For look at how that first Easter unfolded, look at where and how Jesus shows up. Look at how Easter dawns in the most unlikely places. First it is in a place of despair, Mary weeping inconsolably in the garden. Then it is in a place of fear, the disciples huddled behind locked doors. And today it is in a place of disappointment, sadness “we had hoped” Cleopas says so plaintively to this stranger that joins them on the road. It is almost as if it is the despair, the fear, the loss of hope that is what calls the Risen Christ to them. Easter releases a quiet but powerful life giving and transforming presence of love in the world that is showing up and walking with us in our brokenness, in our sorrow, in our fear, in our disappointments and that wants nothing more than for us to know and become God’s peace, and hope and healing right now.


Today is our Stewardship Sunday and I cannot help but marvel that over a hundred years ago when denominational difference was very divisive, a group of people decided that what they really wanted in a church was not so much the assurance that they were worshiping God in the right way according to some denominational delineation. Instead what they wanted was to be a part of a faith community that was committed to supporting and loving each other as together we discover who God is and who God is creating us to be not just for our own joy and healing but for the joy and healing of all the world. Over a hundred years ago, the founders of this church caught a glimpse I think of Easter’s hope. They caught a glimpse of Union Church in Waban. And what did they see? Who are we and who do we hope to be?

Well I think they very well may have seen those two disciples on the road to Emmaus because I think we actually look a lot like them. We look a lot like those who were walking together and talking together about the hard questions, digging into their disappointment and their wondering. And we look a lot like them as they not only welcomed the stranger but were open to what he/or she may have to teach us and to reveal to us what it is we most need to learn. And we look a lot like them as them as they took the risk of inviting that stranger into the family so to speak, to actually sit down as and share a meal.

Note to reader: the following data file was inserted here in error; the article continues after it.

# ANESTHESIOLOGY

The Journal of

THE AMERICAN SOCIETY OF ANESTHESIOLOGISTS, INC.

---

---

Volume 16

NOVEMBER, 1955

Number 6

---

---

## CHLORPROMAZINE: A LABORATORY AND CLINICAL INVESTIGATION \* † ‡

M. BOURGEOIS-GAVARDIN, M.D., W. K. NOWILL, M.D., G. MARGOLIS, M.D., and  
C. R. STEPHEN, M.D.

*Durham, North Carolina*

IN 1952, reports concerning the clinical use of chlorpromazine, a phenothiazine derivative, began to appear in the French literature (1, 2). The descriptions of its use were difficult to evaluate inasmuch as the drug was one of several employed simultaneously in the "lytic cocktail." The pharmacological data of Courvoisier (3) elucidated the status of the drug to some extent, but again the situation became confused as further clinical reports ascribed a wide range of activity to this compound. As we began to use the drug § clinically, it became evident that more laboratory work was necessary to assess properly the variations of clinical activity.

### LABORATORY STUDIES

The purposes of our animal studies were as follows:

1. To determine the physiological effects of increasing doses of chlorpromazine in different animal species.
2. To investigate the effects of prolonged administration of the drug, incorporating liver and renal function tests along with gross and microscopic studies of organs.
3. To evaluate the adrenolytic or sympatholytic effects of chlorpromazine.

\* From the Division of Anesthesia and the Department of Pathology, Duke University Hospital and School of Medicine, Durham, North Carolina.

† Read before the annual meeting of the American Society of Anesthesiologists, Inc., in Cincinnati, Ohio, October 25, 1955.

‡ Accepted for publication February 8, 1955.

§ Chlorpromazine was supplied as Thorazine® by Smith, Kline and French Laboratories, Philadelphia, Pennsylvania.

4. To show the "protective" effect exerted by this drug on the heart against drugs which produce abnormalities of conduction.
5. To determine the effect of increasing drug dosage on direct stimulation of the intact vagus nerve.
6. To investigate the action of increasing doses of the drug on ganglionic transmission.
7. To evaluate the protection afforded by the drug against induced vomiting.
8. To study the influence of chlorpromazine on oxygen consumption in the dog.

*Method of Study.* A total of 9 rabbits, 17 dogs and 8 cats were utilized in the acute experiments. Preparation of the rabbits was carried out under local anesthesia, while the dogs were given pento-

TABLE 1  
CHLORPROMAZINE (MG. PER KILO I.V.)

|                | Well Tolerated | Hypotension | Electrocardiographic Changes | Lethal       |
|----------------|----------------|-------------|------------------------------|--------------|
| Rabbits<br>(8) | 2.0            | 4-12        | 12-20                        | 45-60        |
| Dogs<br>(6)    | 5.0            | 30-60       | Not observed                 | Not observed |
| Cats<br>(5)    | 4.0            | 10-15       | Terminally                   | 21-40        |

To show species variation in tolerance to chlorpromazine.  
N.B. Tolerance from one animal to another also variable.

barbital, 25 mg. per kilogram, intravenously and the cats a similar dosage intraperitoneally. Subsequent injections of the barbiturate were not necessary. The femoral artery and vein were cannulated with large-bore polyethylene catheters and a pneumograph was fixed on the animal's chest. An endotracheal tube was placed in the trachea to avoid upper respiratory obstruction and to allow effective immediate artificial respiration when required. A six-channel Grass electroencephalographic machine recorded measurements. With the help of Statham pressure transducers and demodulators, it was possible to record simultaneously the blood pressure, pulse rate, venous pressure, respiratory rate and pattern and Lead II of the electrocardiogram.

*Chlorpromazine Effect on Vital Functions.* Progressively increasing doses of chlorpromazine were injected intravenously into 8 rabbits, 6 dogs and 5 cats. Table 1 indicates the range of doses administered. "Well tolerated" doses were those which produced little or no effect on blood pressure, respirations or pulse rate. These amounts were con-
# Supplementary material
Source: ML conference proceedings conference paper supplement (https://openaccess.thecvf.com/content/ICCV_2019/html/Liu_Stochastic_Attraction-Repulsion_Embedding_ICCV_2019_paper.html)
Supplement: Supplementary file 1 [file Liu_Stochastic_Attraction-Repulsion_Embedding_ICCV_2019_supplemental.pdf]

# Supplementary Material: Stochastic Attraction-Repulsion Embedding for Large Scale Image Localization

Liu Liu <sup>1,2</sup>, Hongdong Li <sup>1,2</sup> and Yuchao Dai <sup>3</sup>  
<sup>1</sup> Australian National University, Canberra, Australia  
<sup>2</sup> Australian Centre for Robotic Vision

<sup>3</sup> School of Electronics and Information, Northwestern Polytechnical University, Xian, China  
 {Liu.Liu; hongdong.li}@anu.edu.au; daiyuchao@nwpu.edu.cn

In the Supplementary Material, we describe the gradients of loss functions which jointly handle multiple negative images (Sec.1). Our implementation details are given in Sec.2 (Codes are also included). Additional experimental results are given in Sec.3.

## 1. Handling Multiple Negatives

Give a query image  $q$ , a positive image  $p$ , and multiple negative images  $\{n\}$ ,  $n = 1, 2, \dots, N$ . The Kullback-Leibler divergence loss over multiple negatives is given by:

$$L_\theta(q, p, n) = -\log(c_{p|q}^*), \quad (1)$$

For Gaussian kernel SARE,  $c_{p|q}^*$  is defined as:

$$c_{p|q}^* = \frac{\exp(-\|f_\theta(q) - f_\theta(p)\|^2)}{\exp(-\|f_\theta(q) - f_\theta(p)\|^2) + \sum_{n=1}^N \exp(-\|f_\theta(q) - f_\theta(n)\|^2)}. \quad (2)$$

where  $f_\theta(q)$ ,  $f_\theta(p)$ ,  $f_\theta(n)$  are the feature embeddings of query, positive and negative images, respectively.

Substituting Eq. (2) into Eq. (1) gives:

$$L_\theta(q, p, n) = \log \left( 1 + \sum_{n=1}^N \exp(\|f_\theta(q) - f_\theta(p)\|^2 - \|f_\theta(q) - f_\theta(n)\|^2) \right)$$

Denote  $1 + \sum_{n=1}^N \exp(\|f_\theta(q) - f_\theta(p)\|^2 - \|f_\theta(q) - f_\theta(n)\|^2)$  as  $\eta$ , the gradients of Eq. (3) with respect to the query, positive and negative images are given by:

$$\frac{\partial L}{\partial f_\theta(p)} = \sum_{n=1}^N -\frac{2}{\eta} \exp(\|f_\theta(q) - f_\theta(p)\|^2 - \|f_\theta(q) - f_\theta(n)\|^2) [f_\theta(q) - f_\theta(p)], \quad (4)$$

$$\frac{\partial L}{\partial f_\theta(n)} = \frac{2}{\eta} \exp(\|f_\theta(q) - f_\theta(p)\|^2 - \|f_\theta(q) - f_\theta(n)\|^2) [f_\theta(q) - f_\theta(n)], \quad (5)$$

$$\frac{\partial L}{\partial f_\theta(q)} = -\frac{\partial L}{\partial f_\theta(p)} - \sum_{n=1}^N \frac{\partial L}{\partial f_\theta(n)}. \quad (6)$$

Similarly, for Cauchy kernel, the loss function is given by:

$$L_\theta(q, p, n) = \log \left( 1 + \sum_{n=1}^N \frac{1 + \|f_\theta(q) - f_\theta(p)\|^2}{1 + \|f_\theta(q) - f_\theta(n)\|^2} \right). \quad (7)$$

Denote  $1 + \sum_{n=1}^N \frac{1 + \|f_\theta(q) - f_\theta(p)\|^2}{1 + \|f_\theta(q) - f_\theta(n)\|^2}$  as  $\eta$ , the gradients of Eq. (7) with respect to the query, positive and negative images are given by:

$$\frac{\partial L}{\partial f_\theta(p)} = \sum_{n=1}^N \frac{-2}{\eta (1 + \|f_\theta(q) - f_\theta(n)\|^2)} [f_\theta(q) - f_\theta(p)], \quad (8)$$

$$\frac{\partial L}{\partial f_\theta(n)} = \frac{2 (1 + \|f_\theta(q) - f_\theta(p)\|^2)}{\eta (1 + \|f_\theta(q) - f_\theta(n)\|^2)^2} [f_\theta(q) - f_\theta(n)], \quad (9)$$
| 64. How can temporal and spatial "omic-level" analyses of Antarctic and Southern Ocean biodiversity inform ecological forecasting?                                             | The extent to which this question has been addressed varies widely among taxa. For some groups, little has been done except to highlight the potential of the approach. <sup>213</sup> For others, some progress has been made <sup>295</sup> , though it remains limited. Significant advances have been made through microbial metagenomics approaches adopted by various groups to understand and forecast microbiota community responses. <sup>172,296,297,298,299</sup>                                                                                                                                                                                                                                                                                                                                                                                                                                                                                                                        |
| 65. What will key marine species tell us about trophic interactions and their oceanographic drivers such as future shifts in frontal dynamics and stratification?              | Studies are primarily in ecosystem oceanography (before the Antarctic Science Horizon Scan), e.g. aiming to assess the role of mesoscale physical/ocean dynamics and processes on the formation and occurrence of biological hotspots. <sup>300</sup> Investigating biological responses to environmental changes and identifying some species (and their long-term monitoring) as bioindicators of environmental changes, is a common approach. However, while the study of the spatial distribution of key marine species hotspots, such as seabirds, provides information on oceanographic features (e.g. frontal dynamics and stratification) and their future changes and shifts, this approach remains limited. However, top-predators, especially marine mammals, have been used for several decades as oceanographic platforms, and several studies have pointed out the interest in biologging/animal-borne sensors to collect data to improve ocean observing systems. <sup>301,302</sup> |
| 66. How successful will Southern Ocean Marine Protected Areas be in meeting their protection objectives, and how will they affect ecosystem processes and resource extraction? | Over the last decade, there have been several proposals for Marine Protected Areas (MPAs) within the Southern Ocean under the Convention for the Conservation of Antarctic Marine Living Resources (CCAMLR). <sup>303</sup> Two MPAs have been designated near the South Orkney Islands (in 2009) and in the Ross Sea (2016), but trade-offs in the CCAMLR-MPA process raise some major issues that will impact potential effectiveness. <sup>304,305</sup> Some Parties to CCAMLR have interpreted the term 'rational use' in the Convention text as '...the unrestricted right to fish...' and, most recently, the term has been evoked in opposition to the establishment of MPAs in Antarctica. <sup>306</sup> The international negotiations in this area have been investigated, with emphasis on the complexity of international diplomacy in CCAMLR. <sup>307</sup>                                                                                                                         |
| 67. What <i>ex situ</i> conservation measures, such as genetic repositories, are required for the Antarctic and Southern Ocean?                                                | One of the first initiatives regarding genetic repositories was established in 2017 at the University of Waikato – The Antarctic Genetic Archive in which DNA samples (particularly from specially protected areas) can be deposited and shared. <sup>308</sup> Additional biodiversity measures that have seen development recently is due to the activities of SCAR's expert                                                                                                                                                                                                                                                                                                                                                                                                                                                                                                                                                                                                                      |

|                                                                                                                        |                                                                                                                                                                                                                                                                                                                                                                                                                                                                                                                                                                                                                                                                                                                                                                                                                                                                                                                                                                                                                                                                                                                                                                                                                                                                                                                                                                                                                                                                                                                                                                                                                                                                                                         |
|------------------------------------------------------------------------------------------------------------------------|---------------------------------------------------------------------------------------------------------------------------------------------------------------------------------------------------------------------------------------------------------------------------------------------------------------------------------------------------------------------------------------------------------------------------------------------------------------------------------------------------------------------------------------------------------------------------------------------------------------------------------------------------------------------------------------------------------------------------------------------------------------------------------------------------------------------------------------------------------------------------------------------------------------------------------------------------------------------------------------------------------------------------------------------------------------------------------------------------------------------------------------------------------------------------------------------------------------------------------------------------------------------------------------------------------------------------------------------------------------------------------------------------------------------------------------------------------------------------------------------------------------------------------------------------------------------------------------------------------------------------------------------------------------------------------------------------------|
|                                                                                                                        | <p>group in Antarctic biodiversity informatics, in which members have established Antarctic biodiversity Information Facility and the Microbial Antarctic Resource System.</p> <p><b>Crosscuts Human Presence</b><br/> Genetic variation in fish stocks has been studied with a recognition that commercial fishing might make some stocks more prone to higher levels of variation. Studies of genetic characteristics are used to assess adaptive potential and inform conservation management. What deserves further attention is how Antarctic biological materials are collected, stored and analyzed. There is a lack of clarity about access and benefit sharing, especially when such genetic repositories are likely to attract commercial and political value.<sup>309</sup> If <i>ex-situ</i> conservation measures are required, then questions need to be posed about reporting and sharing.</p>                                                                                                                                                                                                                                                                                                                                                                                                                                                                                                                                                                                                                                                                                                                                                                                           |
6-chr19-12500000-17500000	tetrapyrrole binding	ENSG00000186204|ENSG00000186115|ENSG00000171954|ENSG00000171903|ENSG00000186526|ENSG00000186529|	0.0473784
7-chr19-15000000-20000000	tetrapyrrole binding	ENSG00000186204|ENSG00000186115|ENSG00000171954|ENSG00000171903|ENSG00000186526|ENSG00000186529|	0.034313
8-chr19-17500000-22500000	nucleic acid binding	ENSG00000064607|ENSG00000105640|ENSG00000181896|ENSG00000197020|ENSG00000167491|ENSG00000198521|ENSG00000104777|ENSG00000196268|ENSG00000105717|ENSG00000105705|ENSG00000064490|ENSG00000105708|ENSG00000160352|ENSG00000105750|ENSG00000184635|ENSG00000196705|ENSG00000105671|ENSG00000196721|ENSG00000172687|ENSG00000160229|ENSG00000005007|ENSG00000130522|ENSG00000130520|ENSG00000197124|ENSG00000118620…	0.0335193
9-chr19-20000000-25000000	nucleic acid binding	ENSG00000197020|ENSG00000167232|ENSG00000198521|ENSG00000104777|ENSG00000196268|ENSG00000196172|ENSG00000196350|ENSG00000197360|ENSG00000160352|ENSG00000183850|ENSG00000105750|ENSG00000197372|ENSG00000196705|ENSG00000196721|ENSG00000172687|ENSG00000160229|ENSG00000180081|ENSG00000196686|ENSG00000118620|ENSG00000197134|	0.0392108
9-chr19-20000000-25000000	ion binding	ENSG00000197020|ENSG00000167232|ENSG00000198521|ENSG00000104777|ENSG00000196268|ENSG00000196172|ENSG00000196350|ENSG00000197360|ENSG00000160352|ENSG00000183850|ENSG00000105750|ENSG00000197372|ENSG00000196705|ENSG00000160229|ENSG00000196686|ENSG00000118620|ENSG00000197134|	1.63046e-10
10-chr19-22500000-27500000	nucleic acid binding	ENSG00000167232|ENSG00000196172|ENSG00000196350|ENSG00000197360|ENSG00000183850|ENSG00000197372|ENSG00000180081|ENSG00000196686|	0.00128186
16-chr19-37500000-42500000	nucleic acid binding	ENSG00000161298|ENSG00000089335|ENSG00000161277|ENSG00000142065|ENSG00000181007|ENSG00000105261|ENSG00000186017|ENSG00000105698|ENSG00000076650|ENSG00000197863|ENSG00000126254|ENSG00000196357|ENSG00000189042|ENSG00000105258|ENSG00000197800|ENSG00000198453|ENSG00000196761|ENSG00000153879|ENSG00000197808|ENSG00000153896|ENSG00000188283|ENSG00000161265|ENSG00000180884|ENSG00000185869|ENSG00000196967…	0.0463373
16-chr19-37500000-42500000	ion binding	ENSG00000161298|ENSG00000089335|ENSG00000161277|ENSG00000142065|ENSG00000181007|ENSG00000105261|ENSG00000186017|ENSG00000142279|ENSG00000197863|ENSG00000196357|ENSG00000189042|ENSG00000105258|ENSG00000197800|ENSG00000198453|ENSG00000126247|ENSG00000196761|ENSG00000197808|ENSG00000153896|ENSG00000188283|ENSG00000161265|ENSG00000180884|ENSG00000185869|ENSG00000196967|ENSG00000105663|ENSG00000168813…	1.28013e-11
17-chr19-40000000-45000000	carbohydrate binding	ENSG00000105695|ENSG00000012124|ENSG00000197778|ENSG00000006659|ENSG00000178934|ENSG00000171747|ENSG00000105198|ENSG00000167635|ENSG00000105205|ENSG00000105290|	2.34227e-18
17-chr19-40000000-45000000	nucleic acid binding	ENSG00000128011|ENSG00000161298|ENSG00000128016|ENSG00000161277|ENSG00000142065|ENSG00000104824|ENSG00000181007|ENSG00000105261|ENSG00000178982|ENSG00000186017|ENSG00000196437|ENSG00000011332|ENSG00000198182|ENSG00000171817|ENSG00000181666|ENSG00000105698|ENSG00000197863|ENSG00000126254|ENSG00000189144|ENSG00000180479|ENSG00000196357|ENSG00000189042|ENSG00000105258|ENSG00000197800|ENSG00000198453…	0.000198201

Emmaus is a seven mile walk from Jerusalem. In biblical parlance seven is a number of completion. So I do not think it a coincidence that it was to Emmaus that these two disciples were headed. Seven miles is a long way to walk and the walk we take together may take a good long time. But Easter message is that when we walk this walk together, we walk it also with God. God will and does meet us along the way and we would dare say that in our walk together there have been and will be many times when we feel are hearts burning and when we are startled by resurrections hope and new life rising up in us.

This week as we were walking together, I heard from one of you something that set my heart burning and opened my eyes to Jesus alive among us now. One of you recounting how many well wishes and expressions of love you had received on the eve of your surgery, said that at first you were actually rather alarmed by all the outpouring –wondering if it meant that they knew something about how the surgery was going to go that you did not know and that they were actually saying goodbye to you! But then you laughed and said you stopped thinking that because so many assured you their well wishes were simply because they loved you! And then you stopped for a moment and said in an Emaaus kind of moment “Well I guess I do matter. I guess I am loved.”

It is good to celebrate all that God has done. It is good to sing our soaring songs and to dress in our finest. But it is also good to remember that Easter happens in quiet ways where love meets us where ever we are. Where too we discover that we matter, that we are loved. That is Easter’s joy and that is what our life together is all about. Amen.